1. Put the gammon in a large pan, cover with cold water and bring to the boil, adding cinnamon, bay, peppercorns, coriander seeds and onion or any other flavourings you care for.
  2. Cook for 30 mins per 500g, skimming and discarding the white froth that comes to the surface.
  3. Drain, (I like to reserve the stock). Cool a little and then it’s easy to remove the top layer of skin, leaving a thin layer of fat around the meat. with a ham, I warm it in the oven prior to this step.
  4. You could eat the gammon, which is now cooked ham, as is
  5. To glaze, score the fat, then brush with your chosen glaze
  6. Place in a foil-lined roasting tin and bake at 180’C for 50 – 60 minutes, brushing with glaze every 15 minutes,  or until the glaze is golden.      More gammon recipes here on the UK delicious magazine website.

R U OK?

As I write this update, it is 13 September, R U OK Day, cause for us to reflect and take action to help anyone who is just NOT feeling ok about anything, any time. By starting a conversation and commenting on the changes you’ve noticed, you could help that family member, friend or workmate open up. If they say they are not ok, you can follow recommended conversation steps to show them they’re supported and help them find strategies to better manage the load. If they are ok, that person will know you’re someone who cares enough to ask.
The hospitality industry is one with stresses and strains and where we have lost wonderful, talented people to suicide, so it is ever more important for those in it, to be aware. In an Australian first, therefore, the  suicide prevention charity  is working with the hospitality sector to find better ways to ensure the industry is equipped to handle the pressures that come with what is an exciting, yet demanding, workplace. You can find the results of a recent survey of hospitality workers commissioned by R U OK? here.Therefore, I wanted to share some excellent written pieces with you.
My longtime friend and colleague, Peter Howard sent me this heartfelt piece which may surprise some. It was my generation who were called up to go to the Vietnam War, so it had special resonance for me. With HTN, Australia’s largest hospitality group training organisation, he presents the annual Peter Howard Culinary Scholarship and  at the awards dinner, there is a silent auction with proceeds going to R U OK. HTN  is a great organisation which partners with training organisations and Host Businesses to create true artisans of the food service industry. They encourage, support, promote, develop the vocational skills of young people who wish to pursue a career in a range of food service industries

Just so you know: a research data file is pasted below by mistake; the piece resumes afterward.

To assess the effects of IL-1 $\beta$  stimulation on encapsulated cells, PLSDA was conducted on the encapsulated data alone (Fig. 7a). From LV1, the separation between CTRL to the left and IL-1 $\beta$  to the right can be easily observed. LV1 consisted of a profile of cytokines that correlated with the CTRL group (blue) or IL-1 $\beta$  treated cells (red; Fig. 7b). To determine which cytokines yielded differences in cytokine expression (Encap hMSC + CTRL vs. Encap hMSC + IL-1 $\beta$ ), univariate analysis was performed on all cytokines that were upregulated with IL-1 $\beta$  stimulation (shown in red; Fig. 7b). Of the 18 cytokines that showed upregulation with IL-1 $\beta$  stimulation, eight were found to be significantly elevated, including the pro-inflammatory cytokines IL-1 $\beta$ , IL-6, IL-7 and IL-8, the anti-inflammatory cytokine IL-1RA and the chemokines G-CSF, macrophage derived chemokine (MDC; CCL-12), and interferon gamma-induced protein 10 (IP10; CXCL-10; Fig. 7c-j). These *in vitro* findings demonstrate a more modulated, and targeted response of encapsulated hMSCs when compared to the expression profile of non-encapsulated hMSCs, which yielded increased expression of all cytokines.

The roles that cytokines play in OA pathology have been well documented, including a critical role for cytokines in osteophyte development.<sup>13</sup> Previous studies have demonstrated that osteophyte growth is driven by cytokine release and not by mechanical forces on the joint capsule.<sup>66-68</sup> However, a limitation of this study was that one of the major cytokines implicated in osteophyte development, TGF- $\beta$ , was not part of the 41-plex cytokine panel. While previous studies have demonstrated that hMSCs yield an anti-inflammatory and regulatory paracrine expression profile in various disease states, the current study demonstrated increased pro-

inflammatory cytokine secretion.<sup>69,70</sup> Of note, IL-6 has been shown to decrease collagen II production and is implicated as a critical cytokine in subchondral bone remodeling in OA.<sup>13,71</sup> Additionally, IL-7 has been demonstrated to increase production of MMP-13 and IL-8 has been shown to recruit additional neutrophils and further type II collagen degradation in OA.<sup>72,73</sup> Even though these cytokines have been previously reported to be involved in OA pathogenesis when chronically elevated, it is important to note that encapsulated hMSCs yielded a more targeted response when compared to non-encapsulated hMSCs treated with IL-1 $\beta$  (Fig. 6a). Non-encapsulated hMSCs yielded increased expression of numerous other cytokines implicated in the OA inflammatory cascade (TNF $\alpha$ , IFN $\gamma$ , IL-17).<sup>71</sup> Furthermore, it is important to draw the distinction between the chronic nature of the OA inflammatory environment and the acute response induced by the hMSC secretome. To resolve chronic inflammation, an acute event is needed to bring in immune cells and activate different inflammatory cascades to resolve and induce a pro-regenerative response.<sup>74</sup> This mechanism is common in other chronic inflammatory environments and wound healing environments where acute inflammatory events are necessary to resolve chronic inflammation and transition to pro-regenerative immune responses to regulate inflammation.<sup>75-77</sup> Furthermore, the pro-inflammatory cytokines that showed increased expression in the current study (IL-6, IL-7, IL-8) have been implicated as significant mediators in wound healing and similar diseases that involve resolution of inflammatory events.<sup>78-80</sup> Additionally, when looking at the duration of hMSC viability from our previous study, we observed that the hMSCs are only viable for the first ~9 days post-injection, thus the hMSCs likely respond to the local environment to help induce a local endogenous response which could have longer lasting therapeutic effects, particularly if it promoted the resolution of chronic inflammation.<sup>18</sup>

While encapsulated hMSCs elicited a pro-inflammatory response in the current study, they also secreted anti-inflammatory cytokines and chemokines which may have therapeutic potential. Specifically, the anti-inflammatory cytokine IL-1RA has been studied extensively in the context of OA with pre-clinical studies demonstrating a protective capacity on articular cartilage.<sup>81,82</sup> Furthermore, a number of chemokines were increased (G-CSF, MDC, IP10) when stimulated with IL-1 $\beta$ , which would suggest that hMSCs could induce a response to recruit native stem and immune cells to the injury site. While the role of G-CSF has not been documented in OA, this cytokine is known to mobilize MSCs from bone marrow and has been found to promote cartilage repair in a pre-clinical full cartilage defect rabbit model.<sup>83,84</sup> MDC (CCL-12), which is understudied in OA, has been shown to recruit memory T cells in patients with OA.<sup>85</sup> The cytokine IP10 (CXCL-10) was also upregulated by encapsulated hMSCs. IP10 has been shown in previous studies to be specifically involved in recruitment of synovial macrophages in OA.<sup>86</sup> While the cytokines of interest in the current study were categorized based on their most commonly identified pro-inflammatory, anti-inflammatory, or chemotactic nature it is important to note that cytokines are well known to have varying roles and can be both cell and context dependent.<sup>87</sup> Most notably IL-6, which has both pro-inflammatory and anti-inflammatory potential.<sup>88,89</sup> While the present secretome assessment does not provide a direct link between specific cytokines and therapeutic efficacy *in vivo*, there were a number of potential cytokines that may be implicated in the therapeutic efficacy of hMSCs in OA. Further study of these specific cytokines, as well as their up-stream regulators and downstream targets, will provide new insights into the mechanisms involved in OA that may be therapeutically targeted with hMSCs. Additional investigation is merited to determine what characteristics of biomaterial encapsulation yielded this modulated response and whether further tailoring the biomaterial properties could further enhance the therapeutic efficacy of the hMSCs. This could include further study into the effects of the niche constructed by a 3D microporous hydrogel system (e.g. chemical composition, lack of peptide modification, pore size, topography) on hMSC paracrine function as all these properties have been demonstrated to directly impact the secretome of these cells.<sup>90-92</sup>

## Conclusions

Jeremy Ryland writes of a philosophy dear to my heart, that hospitality is the act of generously providing care and kindness to whoever is in need. And the serving of food is one of the most hospitable acts. Read his words here.
More from SBS Food here.
Zoe Bingley-Pullen shares her Lifestyle and Nutrition Tips for a Healthy Mind

Michael Bennett, CEO of HTN, Mikaila Mikulic, winner of the Peter Howard Culinary Scholarship 2017 and Peter Howard

New Selector Magazine 

Adam Liaw on the cover of the new issue of Selector Magazine

The theme of the Sept/Oct issue of Selector is identity, posing the question what is Australia’s food+wine identity?
Cover star Adam Liaw asks what is Australia’s food culture and proposes his idea of our national dish. Revered wine scribe Campbell Mattinson delves into what wines define Australia and asks, is it time to drop the term ‘Australian wine’. There are also recipe features with Quay chef Peter Gilmore,  Electrolux Young Chef of the Year Dan Puskas from Sixpenny, the modern Cantonese of Philip Chun, while I serve up a smorgasbord of sensational seasonal salads.
There is a member’s tasting of Hunter Semillon, an essential list where to eat, drink and be merry in Beechworth, enjoy a Dream Vertical with Yarra Yering and check out how a near-extinct grape varietal kick-started Chile’s wine industry.

Available in some newsagents or subscribe here.

Interesting Reading

Will baking these Chocolate Sponge Kisses with Rose and Raspberry Filling improve your mood? Recipe here.